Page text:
Skempton was born in Northampton and attended Northampton grammar school. In 1932 Skempton he went to the City and Guilds College in London to study civil engineering. After beginning work on a Goldsmiths' Company bursary-funded PhD, he joined the Building Research Station (BRS) in 1936, initially working on reinforced concrete before moving to soil mechanics in 1937.
The failure of an earth embankment for a reservoir at Chingford in north-east London helped highlight Skempton's insights on clay strata. Other projects included Waterloo Bridge, the Muirhead dam near Largs in Scotland, Gosport Dockyard and the Eau Brink Cut channel of the River Great Ouse near King's Lynn.
In 1945, Skempton was seconded from BRS to establish a soil mechanics course at Imperial College (recruiting Alan W. Bishop as his first member of staff), becoming a full-time lecturer there in 1946, and introducing, in 1950, the first postgraduate course in soil mechanics. In 1955, he was elevated to the chair of soil mechanics, and from 1957 to 1976 was head of department and professor of civil engineering.
He made great contributions in the field of quaternary geology and was widely consulted on problems involving landslips, foundations, retaining walls and embankments. Notable projects included the Mangla Dam in Pakistan and the Carsington Dam failure in Derbyshire in 1984.
Skempton worked on many high-profile projects through his life, notably the back analysis of the Chingford reservoir failure and other embankment dams, including that at Chew Valley Lake, for which he designed an array of sand-drains to accelerate consolidation of the weak alluvial foundations, the first such in the UK.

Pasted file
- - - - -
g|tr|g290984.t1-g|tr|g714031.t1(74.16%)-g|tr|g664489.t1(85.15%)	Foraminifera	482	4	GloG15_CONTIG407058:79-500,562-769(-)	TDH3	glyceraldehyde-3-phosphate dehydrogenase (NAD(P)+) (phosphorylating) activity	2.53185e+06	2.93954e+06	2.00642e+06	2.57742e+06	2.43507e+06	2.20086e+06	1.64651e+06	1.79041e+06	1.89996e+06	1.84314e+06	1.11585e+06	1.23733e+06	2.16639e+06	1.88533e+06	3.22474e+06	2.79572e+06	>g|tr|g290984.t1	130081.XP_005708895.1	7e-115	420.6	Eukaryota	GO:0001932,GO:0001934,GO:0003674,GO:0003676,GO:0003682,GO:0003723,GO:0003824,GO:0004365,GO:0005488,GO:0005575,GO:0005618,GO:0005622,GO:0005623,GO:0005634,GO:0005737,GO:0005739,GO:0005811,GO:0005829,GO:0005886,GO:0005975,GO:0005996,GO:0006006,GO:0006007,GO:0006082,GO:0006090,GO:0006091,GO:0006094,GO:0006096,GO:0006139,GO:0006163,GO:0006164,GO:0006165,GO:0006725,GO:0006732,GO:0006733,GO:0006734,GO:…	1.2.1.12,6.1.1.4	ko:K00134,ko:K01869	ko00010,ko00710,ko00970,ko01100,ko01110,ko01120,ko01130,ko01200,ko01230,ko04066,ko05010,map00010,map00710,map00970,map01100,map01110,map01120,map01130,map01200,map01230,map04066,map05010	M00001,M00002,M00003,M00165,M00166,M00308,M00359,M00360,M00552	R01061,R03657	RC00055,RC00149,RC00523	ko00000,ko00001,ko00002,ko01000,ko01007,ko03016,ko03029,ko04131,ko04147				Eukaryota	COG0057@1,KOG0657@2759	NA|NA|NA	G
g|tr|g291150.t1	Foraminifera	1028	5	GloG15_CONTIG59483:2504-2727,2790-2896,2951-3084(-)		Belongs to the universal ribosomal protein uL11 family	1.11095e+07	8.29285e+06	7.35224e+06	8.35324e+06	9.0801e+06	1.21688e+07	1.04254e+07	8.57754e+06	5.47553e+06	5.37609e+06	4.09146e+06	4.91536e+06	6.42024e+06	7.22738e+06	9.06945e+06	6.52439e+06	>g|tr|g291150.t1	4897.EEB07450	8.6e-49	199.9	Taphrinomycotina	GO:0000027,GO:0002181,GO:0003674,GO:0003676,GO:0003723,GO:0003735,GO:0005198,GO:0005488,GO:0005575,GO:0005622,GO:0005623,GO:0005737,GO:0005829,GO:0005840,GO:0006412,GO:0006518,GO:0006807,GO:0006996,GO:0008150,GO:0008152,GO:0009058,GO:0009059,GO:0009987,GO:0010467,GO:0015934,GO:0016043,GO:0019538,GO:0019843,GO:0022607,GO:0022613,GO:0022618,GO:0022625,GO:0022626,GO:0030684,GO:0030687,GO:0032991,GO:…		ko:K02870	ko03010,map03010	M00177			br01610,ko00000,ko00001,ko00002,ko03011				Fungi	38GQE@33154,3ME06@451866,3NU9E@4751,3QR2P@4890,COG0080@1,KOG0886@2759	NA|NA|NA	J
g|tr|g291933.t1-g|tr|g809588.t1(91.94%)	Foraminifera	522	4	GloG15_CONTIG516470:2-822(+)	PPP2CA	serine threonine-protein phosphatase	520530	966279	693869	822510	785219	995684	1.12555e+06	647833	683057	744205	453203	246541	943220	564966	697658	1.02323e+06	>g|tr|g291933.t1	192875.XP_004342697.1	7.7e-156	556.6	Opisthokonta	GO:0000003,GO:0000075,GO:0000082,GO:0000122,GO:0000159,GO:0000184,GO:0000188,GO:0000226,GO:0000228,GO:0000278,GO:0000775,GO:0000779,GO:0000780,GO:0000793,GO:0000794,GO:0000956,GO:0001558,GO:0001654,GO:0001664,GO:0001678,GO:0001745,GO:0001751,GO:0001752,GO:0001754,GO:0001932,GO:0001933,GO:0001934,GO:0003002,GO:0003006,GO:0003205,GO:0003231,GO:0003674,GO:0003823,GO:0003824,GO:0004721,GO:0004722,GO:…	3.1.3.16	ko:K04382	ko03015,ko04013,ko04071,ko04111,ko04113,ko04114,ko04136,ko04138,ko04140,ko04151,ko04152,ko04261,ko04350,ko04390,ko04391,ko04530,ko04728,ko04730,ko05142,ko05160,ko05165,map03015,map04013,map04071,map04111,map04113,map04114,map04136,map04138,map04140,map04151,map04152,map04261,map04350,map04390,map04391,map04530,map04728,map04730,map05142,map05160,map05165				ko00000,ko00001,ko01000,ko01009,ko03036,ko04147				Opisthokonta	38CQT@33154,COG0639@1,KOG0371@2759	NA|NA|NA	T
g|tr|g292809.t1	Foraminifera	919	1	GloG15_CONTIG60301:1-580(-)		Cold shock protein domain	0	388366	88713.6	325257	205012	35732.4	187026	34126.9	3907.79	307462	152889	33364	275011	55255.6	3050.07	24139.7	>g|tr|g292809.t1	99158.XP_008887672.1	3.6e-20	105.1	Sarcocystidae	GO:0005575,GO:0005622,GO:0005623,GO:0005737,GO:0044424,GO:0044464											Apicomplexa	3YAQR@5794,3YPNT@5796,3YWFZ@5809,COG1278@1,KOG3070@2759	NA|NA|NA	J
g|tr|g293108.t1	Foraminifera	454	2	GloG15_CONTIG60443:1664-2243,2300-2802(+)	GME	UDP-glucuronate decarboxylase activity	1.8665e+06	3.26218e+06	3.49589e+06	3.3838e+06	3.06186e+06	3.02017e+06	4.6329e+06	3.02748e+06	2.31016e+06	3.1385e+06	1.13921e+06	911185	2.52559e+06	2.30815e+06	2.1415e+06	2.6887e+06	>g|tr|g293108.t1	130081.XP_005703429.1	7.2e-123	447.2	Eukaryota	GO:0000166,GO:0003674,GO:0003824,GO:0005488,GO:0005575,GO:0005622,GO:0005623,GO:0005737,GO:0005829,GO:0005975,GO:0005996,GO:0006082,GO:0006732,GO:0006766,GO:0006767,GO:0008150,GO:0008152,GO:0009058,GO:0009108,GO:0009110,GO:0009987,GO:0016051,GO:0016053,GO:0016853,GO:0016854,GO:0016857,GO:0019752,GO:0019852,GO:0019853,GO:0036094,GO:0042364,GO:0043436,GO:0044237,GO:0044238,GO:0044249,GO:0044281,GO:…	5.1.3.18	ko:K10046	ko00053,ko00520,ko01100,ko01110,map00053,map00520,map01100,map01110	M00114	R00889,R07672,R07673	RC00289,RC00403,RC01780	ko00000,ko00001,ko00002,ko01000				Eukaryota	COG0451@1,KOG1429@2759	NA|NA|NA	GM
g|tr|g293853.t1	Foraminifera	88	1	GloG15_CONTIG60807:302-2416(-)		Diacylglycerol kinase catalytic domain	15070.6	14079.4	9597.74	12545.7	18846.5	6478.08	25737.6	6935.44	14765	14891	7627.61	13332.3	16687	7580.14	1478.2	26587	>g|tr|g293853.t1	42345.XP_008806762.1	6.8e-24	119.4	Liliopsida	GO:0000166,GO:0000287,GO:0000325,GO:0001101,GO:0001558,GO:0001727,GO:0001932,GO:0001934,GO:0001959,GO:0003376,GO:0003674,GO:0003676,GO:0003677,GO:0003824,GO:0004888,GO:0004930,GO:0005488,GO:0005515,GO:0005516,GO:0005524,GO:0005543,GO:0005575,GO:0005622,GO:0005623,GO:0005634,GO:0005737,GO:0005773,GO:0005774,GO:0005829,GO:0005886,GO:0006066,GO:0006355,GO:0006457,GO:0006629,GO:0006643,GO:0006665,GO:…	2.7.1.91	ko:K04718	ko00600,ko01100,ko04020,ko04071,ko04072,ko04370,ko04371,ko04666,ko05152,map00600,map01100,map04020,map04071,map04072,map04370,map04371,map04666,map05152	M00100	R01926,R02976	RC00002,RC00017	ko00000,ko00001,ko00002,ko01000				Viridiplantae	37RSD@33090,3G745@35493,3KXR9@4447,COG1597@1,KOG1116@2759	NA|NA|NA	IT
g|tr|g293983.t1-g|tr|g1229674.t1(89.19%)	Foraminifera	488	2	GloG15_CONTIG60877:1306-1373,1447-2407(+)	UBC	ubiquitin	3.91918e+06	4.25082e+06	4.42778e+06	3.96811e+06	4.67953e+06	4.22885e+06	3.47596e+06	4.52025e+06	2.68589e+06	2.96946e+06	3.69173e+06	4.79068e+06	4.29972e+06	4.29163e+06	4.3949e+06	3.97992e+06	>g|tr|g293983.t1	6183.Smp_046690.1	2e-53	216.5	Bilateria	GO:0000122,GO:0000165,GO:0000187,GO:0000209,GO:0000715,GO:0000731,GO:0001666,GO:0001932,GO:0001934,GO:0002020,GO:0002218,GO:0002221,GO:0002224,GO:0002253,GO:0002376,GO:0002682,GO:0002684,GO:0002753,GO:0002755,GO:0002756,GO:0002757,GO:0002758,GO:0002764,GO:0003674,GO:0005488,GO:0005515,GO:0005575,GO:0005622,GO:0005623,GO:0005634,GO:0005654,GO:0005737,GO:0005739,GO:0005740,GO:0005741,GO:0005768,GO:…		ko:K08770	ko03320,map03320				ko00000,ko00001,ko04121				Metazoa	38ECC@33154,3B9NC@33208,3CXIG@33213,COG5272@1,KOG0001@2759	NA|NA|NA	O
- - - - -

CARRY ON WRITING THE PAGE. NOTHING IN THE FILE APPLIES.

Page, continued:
In situ behaviour of natural clays was of great interest to Skempton, who wrote two papers published by the Geological Society on the geological compaction of natural clays. Among other academic writings, he formulated concepts such as that of A and B pore water pressure coefficient which is still widely used today. Many of his research documents and other writing are available in the Skempton and Bishop Archives at Imperial College.
He was a founding member of the Institution of Civil Engineers' Soil Mechanics and Foundations committee (now the British Geotechnical Association).
Skempton was also an influential contributor to the history of civil engineering. He chaired the civil engineers archive panel at ICE where he edited works on William Jessop (1979), John Smeaton (1981), regarded as the founder of civil engineering, and early fen drainage engineer John Grundy, and started work on the first volume of A Biographical Dictionary of Civil Engineers of the British Isles, eventually published in 2002.
Skempton was a member of the Links Club of the City and Guilds College whilst at Imperial College. He delivered the 4th Rankine Lecture titled Long-term stability of clay slopes in 1964. In recognition of his soil mechanics contributions, in 2004, the department of Civil & Environmental Engineering building at Imperial College was renamed after him: the Skempton Building.
Other accolades included Fellow of the Royal Society (1961) and Founding Fellow of the Royal Academy of Engineering. Skempton also accumulated medals from the ICE (the 1968 James Alfred Ewing Medal), the Geological Society (the 1972 Lyell Medal), Newcomen Society, and a gold medal from the Institution of Structural Engineers (IStructE). He was knighted for services to engineering in the 2000 New Year Honours.
Skempton was elected as the second President of the International Society of Soil Mechanics and Foundation Engineering, following Terzaghi, in 1957. He also won the Terzaghi award from the American Society of Civil Engineers.